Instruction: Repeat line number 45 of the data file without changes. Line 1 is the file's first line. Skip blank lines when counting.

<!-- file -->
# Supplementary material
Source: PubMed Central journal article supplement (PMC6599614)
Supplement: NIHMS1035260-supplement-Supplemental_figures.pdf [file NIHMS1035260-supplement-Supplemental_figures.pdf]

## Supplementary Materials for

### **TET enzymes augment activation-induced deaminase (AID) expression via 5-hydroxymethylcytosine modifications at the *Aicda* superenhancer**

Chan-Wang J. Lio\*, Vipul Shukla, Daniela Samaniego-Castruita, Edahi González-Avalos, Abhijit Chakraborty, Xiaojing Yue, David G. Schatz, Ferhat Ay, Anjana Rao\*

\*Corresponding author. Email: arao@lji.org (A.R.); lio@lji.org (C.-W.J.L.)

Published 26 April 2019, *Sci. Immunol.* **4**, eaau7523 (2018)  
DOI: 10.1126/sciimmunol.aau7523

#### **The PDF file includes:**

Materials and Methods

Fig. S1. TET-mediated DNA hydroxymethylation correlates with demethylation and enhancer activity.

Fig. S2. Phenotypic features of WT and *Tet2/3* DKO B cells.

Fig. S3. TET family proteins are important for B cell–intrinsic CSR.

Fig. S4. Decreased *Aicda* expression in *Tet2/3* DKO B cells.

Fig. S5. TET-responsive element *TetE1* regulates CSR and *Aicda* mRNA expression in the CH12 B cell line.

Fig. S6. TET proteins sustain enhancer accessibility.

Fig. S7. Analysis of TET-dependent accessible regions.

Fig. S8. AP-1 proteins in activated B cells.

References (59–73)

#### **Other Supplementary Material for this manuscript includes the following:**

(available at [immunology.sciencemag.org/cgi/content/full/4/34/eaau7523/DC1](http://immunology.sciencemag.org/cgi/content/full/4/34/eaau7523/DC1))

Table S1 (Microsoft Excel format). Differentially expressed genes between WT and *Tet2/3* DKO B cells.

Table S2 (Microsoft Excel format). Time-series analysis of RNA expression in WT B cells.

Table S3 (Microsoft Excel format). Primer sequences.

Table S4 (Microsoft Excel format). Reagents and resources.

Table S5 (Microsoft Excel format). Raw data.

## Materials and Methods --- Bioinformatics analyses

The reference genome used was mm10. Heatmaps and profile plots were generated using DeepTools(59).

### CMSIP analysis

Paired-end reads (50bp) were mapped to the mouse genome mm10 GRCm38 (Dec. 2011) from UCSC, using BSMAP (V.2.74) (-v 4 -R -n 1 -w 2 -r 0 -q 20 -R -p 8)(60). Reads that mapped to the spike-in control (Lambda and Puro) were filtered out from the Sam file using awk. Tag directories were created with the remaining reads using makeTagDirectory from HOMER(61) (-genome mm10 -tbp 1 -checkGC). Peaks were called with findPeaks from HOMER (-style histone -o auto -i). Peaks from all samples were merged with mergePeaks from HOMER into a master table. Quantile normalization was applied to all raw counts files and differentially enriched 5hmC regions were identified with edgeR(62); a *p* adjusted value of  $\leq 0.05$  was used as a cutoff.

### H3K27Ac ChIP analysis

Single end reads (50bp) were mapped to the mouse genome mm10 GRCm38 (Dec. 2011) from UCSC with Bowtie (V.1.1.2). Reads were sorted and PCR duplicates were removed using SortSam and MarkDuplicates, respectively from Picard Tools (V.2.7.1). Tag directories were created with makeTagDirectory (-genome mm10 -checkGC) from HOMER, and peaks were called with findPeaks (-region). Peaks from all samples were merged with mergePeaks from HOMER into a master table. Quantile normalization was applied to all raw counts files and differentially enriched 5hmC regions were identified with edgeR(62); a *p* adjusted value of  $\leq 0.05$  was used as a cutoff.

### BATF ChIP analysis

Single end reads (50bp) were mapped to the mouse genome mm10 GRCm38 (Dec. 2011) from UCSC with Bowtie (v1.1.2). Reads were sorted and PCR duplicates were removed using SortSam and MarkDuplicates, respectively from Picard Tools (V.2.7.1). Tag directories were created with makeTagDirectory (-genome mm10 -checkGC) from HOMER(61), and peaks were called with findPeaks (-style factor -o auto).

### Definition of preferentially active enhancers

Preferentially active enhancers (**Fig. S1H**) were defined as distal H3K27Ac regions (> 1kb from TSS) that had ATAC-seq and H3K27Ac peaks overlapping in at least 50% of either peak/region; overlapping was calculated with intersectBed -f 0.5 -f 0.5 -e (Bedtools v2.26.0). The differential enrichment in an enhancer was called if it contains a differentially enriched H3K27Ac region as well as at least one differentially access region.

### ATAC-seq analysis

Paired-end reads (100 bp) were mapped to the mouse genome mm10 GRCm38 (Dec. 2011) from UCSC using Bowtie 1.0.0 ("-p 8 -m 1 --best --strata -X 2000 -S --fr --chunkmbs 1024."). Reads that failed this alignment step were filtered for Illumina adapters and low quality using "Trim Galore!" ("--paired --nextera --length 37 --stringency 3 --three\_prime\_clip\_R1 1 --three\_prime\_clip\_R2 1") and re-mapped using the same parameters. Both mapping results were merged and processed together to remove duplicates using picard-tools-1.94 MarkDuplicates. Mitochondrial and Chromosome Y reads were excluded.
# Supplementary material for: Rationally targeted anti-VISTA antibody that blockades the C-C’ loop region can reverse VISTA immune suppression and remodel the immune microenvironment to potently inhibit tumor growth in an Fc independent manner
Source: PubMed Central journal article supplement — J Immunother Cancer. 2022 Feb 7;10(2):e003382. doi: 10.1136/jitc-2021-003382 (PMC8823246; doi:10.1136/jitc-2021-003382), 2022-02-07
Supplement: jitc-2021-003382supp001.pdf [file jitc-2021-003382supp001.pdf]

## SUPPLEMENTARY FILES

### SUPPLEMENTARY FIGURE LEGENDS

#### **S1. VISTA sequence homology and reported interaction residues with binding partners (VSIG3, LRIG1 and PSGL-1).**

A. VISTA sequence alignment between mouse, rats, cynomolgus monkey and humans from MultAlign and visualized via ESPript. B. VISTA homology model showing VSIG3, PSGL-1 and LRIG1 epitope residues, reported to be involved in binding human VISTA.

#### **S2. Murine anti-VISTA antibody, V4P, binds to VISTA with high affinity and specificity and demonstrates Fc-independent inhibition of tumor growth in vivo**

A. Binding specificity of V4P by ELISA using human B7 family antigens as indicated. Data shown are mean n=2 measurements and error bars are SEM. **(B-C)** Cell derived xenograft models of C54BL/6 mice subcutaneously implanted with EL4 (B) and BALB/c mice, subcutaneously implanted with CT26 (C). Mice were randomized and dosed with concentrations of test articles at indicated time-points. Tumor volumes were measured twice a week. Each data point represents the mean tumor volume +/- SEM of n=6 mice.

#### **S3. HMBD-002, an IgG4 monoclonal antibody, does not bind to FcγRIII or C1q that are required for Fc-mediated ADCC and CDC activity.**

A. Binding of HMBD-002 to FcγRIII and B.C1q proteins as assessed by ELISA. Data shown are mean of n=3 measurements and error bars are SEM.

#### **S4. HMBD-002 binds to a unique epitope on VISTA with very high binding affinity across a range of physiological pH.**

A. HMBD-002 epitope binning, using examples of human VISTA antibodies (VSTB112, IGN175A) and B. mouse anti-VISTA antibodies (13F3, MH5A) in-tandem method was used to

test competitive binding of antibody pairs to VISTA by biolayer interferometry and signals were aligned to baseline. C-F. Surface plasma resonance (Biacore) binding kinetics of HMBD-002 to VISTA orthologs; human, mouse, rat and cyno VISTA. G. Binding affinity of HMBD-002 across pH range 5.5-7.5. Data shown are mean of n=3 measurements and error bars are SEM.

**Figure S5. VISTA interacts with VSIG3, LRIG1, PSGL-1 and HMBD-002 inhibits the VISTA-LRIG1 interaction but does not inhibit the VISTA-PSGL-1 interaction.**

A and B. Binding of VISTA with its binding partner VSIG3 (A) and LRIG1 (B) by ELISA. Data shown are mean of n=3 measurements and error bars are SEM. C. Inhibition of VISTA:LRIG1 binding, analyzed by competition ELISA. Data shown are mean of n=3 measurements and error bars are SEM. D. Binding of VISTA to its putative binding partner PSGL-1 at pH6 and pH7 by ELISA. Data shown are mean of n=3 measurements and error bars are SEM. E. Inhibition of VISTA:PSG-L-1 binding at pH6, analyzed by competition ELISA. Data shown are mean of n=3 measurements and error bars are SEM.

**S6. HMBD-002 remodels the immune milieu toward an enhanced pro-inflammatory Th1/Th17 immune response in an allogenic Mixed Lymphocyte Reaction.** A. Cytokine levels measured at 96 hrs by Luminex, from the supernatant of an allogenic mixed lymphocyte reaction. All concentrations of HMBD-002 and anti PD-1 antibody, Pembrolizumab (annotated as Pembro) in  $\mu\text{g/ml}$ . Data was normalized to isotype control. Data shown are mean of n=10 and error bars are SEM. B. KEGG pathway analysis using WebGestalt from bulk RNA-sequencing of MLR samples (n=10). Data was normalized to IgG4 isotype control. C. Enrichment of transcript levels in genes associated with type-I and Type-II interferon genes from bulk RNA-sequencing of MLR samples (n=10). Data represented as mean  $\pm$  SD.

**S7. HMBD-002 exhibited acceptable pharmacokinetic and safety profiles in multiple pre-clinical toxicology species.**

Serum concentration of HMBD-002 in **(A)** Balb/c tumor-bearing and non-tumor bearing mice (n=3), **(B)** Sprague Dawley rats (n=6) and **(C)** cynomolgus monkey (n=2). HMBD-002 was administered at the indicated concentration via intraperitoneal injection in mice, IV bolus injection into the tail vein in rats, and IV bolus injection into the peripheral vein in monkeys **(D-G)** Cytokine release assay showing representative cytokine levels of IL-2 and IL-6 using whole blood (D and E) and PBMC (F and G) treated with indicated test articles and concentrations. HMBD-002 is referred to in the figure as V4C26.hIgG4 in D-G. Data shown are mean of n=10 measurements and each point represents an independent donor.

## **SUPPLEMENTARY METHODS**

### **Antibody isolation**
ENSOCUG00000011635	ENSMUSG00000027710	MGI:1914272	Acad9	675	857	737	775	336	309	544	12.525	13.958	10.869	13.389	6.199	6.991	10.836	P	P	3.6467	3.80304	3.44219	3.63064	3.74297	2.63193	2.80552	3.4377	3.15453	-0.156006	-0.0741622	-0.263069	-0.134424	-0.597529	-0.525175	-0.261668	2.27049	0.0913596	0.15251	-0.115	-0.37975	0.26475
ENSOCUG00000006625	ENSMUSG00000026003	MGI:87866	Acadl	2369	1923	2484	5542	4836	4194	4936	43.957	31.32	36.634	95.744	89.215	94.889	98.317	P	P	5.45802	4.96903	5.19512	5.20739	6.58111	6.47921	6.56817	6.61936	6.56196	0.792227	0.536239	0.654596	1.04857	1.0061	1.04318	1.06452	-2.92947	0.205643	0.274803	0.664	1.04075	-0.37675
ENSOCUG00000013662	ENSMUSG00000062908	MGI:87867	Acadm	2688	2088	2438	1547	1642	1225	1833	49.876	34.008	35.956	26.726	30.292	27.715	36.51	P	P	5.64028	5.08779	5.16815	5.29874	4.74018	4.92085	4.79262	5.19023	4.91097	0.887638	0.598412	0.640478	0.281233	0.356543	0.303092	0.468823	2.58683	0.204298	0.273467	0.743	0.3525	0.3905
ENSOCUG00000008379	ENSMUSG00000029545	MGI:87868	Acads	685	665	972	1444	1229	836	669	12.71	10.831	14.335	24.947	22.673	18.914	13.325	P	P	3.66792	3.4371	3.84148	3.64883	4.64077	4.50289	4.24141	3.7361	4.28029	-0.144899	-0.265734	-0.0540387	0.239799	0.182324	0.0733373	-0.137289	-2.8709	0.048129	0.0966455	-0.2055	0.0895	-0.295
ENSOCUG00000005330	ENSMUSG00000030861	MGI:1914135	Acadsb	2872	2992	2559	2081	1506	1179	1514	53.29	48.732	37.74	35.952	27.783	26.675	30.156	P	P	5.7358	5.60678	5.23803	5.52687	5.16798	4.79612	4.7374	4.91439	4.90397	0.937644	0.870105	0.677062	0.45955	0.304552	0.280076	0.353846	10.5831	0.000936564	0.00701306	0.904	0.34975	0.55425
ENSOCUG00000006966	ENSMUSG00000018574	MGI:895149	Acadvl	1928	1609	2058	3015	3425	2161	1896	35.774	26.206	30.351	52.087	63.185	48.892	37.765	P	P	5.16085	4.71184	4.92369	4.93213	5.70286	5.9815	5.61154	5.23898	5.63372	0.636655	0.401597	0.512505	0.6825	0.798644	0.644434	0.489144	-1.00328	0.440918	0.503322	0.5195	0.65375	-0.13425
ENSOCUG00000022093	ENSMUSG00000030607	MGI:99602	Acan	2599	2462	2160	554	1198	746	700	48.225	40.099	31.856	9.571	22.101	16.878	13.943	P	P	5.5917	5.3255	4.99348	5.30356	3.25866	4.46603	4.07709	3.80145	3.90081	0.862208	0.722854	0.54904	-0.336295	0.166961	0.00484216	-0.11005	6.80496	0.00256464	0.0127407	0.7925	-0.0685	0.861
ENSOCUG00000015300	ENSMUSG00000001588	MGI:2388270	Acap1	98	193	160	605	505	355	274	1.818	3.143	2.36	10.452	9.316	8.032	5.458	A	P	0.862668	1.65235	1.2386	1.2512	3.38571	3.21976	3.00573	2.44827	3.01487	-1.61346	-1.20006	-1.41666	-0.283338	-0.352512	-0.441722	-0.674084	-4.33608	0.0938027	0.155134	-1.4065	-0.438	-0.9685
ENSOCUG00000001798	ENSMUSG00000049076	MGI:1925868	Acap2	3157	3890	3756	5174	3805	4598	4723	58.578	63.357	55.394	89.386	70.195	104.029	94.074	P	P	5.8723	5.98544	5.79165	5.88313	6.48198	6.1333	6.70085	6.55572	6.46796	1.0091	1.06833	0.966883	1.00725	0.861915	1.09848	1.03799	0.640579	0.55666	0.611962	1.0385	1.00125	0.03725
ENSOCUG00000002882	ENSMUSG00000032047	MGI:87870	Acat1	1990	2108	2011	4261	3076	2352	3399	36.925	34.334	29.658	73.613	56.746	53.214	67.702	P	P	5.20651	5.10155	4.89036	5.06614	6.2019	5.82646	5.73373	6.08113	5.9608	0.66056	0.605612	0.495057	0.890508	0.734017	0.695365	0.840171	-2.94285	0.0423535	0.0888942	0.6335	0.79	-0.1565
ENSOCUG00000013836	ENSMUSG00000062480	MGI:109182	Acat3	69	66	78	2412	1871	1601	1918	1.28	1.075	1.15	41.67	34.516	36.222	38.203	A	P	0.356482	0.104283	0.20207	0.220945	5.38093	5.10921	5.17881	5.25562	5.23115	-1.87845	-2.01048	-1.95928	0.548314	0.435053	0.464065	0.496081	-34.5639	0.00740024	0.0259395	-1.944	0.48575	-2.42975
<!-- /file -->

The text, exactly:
#### **S1. VISTA sequence homology and reported interaction residues with binding partners (VSIG3, LRIG1 and PSGL-1).**